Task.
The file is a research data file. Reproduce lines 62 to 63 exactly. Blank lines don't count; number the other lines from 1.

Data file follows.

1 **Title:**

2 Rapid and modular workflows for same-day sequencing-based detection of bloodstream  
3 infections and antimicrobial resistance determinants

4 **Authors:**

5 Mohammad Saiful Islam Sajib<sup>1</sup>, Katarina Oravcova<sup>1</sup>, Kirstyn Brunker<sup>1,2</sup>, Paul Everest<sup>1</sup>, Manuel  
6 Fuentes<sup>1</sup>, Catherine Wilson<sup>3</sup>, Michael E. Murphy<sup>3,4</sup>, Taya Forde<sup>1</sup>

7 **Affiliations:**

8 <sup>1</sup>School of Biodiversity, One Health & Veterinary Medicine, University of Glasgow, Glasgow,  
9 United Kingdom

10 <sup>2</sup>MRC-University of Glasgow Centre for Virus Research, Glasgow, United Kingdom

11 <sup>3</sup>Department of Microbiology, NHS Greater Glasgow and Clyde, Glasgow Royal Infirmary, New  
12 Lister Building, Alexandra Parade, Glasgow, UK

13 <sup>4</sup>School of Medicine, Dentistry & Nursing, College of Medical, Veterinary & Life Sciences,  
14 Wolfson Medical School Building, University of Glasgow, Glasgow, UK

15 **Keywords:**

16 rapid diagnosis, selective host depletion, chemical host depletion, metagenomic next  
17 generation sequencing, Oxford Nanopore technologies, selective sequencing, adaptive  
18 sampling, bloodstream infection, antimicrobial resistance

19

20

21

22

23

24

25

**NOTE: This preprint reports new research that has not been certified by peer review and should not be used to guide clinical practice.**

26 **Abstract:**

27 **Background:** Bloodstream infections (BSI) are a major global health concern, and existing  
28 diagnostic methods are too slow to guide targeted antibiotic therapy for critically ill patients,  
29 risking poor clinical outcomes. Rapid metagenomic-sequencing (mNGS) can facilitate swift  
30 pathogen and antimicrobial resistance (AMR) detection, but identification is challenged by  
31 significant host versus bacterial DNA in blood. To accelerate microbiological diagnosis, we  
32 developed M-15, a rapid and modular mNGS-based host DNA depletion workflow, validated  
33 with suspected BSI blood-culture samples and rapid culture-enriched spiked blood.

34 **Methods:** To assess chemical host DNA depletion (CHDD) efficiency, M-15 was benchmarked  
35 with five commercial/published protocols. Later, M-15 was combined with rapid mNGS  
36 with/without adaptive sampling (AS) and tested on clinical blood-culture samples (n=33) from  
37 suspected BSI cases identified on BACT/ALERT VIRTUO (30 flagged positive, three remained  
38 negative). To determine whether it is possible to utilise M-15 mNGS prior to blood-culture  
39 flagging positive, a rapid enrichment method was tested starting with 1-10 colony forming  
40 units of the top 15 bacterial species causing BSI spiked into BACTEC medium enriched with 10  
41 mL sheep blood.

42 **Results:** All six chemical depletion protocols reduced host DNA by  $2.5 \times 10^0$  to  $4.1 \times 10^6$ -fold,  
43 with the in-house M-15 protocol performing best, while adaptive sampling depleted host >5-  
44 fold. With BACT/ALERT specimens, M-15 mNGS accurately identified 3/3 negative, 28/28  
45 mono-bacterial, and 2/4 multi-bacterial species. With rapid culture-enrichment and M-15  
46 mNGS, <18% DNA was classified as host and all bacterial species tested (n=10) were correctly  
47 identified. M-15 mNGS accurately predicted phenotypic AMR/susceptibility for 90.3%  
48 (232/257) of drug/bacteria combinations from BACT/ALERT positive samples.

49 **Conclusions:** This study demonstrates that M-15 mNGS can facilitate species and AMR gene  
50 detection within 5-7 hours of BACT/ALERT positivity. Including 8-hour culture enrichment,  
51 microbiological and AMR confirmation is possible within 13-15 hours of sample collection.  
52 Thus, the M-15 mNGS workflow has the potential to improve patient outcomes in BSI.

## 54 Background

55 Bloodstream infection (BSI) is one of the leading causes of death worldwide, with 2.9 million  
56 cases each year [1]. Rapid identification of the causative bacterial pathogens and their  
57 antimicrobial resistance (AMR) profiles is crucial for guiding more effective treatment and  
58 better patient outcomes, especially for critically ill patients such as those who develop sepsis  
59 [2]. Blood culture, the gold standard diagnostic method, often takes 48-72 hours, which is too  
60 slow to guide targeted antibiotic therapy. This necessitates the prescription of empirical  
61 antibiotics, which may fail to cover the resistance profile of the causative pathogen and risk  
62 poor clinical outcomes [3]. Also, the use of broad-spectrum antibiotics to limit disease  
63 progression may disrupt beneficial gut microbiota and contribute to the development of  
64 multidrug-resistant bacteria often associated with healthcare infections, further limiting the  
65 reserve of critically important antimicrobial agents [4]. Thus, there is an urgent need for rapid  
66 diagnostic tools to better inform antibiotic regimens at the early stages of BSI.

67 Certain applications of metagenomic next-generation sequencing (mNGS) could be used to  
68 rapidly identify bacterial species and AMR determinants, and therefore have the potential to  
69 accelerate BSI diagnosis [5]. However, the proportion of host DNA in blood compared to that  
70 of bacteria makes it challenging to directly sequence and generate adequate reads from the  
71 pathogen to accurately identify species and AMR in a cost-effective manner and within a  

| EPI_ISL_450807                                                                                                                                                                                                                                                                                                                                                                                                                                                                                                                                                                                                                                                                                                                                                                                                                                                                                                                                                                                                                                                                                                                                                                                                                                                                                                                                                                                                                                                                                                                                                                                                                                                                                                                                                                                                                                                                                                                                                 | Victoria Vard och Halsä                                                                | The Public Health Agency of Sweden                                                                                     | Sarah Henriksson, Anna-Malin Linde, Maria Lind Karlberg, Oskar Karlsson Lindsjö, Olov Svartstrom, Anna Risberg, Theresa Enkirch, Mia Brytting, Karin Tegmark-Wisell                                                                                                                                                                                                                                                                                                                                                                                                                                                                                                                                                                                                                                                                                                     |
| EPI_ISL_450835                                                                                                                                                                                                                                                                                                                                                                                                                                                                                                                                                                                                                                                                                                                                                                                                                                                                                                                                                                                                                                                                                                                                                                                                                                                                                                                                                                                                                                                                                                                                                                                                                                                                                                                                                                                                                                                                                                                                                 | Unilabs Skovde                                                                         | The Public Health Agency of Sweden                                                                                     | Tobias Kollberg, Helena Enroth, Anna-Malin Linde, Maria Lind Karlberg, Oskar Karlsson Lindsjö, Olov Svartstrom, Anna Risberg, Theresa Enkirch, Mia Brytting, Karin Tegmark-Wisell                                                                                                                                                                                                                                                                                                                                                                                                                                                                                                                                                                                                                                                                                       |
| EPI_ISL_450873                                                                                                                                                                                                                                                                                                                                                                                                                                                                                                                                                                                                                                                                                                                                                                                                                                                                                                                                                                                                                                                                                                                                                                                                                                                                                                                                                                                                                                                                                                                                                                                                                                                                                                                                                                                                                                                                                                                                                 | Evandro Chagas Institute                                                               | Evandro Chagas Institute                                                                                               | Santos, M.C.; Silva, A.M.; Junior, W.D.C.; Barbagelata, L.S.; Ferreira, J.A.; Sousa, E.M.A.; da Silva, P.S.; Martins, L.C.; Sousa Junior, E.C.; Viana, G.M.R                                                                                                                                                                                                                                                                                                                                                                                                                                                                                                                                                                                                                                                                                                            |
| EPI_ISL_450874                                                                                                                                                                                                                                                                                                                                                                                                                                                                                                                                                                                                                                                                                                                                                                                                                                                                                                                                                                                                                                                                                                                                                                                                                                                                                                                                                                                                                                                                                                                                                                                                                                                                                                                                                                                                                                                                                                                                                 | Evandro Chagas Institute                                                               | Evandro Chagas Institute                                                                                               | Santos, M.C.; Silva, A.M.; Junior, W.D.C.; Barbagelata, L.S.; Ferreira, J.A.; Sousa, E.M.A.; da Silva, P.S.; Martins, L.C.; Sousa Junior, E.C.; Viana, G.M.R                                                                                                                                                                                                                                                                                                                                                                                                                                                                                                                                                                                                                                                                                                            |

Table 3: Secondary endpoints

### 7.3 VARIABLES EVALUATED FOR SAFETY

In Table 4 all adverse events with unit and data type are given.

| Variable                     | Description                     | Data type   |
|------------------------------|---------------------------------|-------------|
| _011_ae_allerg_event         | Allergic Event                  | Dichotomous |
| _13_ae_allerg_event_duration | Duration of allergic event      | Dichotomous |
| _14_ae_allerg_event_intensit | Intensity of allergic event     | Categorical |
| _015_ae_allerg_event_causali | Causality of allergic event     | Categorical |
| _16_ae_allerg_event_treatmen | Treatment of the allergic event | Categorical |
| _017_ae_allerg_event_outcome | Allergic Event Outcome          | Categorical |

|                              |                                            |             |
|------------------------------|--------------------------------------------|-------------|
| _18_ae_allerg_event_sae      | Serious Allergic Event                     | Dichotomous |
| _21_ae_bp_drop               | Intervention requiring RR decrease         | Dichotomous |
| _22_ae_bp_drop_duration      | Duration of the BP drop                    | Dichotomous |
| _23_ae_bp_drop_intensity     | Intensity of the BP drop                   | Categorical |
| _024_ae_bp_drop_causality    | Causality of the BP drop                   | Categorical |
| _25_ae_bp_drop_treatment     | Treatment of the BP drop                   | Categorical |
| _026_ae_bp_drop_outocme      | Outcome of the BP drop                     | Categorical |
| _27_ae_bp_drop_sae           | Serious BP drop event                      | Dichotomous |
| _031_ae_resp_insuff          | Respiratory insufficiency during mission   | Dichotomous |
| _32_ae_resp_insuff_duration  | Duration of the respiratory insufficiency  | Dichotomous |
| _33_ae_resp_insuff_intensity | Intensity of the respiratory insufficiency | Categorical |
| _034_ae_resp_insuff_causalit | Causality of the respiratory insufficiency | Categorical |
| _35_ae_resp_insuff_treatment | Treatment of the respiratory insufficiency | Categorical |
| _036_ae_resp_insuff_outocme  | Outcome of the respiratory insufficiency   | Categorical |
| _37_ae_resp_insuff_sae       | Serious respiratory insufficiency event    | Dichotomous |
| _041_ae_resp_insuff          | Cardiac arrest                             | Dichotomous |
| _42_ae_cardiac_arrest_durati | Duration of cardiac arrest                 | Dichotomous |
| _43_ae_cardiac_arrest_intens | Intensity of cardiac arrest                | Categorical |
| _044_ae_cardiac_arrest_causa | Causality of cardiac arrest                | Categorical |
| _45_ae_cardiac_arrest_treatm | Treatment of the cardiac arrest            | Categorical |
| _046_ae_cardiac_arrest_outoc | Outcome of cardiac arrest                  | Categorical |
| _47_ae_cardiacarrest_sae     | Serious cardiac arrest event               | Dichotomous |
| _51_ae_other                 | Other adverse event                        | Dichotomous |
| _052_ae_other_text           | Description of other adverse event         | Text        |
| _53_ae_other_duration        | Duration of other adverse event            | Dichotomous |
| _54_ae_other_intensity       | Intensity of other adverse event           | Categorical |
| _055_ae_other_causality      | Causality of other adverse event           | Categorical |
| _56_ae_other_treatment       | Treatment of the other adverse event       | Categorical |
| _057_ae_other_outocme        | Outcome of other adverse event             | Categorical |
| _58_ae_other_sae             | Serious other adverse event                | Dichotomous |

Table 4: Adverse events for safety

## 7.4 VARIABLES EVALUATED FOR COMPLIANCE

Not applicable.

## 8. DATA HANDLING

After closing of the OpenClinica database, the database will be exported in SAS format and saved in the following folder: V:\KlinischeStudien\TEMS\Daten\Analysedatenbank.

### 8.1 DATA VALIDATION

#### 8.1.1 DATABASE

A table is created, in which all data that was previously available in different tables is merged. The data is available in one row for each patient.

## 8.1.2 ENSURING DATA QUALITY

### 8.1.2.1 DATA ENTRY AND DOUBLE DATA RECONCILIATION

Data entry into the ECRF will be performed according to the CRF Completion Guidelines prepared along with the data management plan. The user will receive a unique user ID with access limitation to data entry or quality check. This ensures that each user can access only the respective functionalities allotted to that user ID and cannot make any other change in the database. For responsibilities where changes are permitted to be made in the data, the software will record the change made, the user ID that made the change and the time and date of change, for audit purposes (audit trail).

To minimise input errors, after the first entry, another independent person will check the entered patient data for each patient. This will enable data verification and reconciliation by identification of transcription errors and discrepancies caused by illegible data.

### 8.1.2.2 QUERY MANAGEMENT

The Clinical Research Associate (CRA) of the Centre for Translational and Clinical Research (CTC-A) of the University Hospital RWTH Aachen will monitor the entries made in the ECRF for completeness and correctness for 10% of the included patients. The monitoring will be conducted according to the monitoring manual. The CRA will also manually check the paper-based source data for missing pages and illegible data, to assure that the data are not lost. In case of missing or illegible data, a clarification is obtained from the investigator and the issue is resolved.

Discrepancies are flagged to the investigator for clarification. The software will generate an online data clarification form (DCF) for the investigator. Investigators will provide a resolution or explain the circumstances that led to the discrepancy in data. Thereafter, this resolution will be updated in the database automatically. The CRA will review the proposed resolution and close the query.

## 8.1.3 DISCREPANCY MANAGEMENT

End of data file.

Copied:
62 poor clinical outcomes [3]. Also, the use of broad-spectrum antibiotics to limit disease  
63 progression may disrupt beneficial gut microbiota and contribute to the development of  